Prescription drug abuse poses new challenge for grandparents

Wednesday, July 22, 2009 | 11:18 a.m. CDT; updated 11:45 a.m. CDT, Wednesday, July 22, 2009

Some grandparents have become aware of the fact that they are facing a new challenge. Whether they have grandkids living in their homes or just stopping by to visit, they have learned that their medicine cabinets, or wherever their medications are located, may represent a dangerous temptation to the youngsters. Prescription medicines have become the new drugs of choice for many teenage users and sellers of controlled substances.

In 2008, the Partnership for a Drug Free America's tracking study reported that one in five teens had abused a prescription pain medication, one in five had abused stimulants and tranquilizers and one in 10 had abused cough medication. These categories of prescription medications are the most frequently abused by teenagers.

Apparently, the young people think these types of drugs are safer to use than street drugs simply because they have been prescribed by physicians and they can be easily obtained by removing them from their family's medical supplies. Experts warn parents, however, that teens need to be warned that prescription painkillers are opioids and addictive, just like heroin.

According to this study, some people begin using prescription drugs for non-medical purposes as early as 12 years of age. Younger teens tend to prefer painkillers, while older teens and young adults lean toward stimulants. Girls tended to abuse prescription medications more than boys. The latest craze in teenage entertainment is the pharmaceutical party, where attendees bring their collected pills.

While many parents are aware of this problem and keep their medications out of the reach of their kids, many grandparents, especially those with health problems, often keep their medicines visible and close at hand so they can be available when needed.

Some grandparents fail to realize that the two generations that separate them from their grandchildren have been a time of great change. By way of television and changes in the social environment, teens of today have experienced the fullness of life at a far more rapid pace than any generation before them. In other words, for grandparents to fantasize that their grandchildren share the same degree of innocence and naivete as they did at the same age is to be misguided.

I constantly encounter grandparents who have a totally different attitude toward their grandkids than they did toward their children. While they had strict rules of behavior and curfews for their sons and daughters, they allow their grandchildren to behave according to their own rules. The fact that they are enabling these kids to misbehave doesn't seem to bother them. It's almost as if the role of grandparent has endowed them with such an honored position that they are immune to the consequences of their actions.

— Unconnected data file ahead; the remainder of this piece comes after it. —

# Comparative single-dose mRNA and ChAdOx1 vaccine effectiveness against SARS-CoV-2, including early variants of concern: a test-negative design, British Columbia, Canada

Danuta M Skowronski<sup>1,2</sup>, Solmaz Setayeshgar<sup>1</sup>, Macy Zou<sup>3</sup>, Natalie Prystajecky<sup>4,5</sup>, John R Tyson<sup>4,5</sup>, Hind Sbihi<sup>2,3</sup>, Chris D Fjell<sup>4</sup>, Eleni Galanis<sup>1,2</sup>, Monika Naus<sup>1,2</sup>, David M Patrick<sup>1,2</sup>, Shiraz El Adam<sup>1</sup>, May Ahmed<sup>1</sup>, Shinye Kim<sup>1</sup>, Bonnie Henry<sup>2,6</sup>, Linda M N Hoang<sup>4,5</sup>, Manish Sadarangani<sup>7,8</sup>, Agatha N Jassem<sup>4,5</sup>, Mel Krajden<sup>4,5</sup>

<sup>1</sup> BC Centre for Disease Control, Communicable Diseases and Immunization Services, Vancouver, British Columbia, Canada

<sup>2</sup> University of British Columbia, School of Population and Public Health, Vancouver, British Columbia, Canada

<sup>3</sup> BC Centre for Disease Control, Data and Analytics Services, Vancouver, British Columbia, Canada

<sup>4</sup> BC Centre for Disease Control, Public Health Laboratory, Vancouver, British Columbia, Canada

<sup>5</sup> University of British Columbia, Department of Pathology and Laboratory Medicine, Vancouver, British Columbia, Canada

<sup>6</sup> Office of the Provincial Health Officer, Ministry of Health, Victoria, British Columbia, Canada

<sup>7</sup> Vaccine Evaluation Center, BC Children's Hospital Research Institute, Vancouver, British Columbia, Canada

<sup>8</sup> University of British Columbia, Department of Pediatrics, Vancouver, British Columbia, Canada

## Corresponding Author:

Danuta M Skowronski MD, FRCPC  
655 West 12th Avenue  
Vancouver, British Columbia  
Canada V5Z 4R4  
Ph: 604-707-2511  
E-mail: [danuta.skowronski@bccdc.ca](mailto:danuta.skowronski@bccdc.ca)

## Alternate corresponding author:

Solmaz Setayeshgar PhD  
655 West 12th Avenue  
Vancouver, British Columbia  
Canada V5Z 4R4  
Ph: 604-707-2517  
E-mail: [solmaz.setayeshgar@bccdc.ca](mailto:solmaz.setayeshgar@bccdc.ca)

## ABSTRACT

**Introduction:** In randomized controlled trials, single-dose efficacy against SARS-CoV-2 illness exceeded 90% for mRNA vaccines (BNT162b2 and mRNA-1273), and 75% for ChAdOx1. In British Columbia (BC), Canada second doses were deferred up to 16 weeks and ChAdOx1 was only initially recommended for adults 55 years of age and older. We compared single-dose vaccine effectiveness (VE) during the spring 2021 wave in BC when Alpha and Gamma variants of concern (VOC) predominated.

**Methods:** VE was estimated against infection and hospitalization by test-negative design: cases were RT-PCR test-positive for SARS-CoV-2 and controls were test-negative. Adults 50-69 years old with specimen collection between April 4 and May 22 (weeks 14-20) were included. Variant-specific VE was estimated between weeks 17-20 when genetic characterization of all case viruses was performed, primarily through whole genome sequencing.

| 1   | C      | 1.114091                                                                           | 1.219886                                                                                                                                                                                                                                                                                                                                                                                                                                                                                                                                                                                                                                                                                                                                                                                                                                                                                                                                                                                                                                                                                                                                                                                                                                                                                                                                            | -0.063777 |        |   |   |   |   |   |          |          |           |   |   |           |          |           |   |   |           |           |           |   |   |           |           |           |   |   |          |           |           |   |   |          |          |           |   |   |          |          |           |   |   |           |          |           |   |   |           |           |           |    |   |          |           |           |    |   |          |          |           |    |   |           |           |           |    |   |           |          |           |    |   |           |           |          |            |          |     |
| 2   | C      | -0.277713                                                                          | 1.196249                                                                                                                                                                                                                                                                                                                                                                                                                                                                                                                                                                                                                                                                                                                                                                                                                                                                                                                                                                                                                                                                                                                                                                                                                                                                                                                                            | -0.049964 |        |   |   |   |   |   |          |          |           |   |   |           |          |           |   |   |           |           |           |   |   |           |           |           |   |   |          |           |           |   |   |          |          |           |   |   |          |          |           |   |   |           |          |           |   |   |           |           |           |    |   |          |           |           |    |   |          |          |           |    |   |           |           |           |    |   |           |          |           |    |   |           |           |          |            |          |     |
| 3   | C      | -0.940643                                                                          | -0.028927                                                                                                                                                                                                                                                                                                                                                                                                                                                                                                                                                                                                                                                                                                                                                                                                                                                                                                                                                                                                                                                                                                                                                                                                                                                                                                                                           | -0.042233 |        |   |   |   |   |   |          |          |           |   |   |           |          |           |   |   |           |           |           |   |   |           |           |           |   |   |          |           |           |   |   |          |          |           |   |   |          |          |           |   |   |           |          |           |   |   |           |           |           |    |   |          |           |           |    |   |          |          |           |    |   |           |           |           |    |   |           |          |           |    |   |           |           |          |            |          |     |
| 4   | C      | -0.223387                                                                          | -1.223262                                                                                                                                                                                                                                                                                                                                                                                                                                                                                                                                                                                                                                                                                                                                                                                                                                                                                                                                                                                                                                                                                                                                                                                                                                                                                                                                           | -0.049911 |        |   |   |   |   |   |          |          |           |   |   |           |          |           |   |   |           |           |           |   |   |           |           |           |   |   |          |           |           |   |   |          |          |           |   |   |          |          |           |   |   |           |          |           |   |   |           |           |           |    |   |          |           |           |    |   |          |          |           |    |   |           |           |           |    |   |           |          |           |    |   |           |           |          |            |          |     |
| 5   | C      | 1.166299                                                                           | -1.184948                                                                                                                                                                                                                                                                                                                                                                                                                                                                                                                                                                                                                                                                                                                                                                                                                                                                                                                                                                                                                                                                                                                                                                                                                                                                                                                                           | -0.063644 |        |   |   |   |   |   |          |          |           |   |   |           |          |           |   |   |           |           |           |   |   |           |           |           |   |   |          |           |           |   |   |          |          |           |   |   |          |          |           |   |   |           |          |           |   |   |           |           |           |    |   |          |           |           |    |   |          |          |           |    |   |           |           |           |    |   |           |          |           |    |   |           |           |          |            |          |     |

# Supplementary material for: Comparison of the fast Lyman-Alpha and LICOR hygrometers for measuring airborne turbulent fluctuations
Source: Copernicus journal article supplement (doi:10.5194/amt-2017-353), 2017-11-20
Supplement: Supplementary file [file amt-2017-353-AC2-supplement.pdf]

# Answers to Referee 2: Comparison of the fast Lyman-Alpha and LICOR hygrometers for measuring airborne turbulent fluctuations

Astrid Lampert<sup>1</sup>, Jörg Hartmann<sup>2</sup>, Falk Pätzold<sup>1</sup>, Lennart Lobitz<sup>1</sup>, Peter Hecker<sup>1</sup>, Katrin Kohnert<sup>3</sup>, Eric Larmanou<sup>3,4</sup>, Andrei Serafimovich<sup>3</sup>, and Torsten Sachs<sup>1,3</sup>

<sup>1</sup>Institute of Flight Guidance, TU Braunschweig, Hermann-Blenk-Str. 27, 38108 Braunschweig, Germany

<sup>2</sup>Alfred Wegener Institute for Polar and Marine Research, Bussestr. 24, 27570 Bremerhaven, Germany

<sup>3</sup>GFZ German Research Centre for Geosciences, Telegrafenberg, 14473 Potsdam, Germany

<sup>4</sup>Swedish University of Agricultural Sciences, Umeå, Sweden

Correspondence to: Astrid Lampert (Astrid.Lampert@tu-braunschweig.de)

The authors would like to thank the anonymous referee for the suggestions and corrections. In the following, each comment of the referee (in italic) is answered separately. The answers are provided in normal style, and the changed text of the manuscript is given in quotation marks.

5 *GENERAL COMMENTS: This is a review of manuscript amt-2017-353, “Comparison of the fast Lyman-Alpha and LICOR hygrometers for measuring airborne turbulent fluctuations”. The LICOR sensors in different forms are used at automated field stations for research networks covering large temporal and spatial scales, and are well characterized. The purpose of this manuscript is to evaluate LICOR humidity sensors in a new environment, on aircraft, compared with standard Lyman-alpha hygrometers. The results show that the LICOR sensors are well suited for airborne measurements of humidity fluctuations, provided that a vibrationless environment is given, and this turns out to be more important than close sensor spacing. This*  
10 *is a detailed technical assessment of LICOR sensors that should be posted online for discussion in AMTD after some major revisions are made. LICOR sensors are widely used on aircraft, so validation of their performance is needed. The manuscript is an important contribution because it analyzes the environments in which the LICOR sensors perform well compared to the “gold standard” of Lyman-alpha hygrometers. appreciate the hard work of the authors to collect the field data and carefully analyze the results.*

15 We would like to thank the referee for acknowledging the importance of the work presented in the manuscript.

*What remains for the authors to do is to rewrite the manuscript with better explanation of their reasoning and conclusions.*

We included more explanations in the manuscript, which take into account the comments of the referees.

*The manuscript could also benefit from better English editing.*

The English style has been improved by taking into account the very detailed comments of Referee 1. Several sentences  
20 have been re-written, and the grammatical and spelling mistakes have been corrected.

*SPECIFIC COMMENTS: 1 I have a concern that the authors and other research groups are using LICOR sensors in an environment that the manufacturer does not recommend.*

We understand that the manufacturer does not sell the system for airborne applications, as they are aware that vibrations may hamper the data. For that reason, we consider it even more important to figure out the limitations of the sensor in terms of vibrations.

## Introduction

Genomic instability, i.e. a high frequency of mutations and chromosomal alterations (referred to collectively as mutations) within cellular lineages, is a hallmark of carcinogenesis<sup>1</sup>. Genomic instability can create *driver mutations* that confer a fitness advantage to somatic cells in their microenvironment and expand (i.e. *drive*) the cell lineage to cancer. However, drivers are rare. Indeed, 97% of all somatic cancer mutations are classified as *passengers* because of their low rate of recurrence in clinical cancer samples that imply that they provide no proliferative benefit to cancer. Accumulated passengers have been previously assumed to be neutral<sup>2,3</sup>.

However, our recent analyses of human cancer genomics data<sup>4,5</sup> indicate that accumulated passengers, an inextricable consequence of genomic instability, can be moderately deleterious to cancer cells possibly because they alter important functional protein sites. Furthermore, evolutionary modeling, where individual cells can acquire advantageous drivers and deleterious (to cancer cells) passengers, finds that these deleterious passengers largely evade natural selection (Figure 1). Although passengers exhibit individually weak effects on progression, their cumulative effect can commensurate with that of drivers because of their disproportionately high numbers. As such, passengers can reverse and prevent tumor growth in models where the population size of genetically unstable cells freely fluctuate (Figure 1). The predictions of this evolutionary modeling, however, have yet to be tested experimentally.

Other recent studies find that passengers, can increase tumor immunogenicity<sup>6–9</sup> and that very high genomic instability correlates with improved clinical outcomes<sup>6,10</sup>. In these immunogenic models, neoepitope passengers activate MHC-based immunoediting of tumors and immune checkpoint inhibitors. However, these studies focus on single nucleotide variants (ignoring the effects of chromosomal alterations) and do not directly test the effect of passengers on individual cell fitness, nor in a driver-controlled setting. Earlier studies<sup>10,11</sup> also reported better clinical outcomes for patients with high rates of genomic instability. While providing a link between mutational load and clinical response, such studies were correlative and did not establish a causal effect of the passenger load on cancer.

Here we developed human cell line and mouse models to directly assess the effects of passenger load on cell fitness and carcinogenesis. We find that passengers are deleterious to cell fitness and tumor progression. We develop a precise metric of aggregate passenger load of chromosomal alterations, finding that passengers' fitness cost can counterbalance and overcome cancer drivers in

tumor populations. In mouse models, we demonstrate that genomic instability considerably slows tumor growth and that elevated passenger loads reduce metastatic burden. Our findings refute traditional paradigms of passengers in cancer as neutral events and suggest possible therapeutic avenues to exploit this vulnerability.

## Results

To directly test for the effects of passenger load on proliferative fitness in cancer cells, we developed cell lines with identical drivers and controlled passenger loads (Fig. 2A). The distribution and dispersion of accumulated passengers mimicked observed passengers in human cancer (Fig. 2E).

For some young people, prescription drugs are only the beginning of a lifetime of addiction. Moving up to methamphetamine, cocaine and heroin can be just a matter of time.

According to the Partnership for a Drug-Free America, in 2006, there were already an estimated 2.1 million teens abusing prescription drugs. Many of them had already been in treatment for addiction to painkillers.

So it's a problem already out of hand.

Another difficulty confronting the elderly is the process of disposal of unwanted and unneeded pills and medications, since they have been advised against flushing them or throwing them into the water systems.

A friend told me just last week that she knew two people who had been arrested on suspicion of possession of controlled substances because they were carrying their medications loose in their pockets and were unable to prove in a timely manner that these were their own medications. Some communities are beginning to establish drug disposal programs. Some authorities suggest that if there are no disposal programs available, people should remove the medications from their bottles, mix them with garbage such as used coffee grounds and put them in plastic bags so they can be thrown in the trash.

Every day, it seems our lives become more complicated, as things invented or manufactured for good purposes are converted to evil purposes. The same medical advances that help people live healthier lives are being used to destroy the lives of others.

Taking responsibility for your prescription medications is the latest in the set of rules governing grandparent-grandchild relationships. Stay tuned. Just as we welcome new medical advances and technology into our lives, there are bound to be more precautions we'll have to take.

Keeping families safe is getting harder every day. Opening our minds to new information keeps us a step ahead.

Let's not lose our way.

You can join the conversation with Rose M. Nolen by calling her at 882-5734 or e-mailing her at

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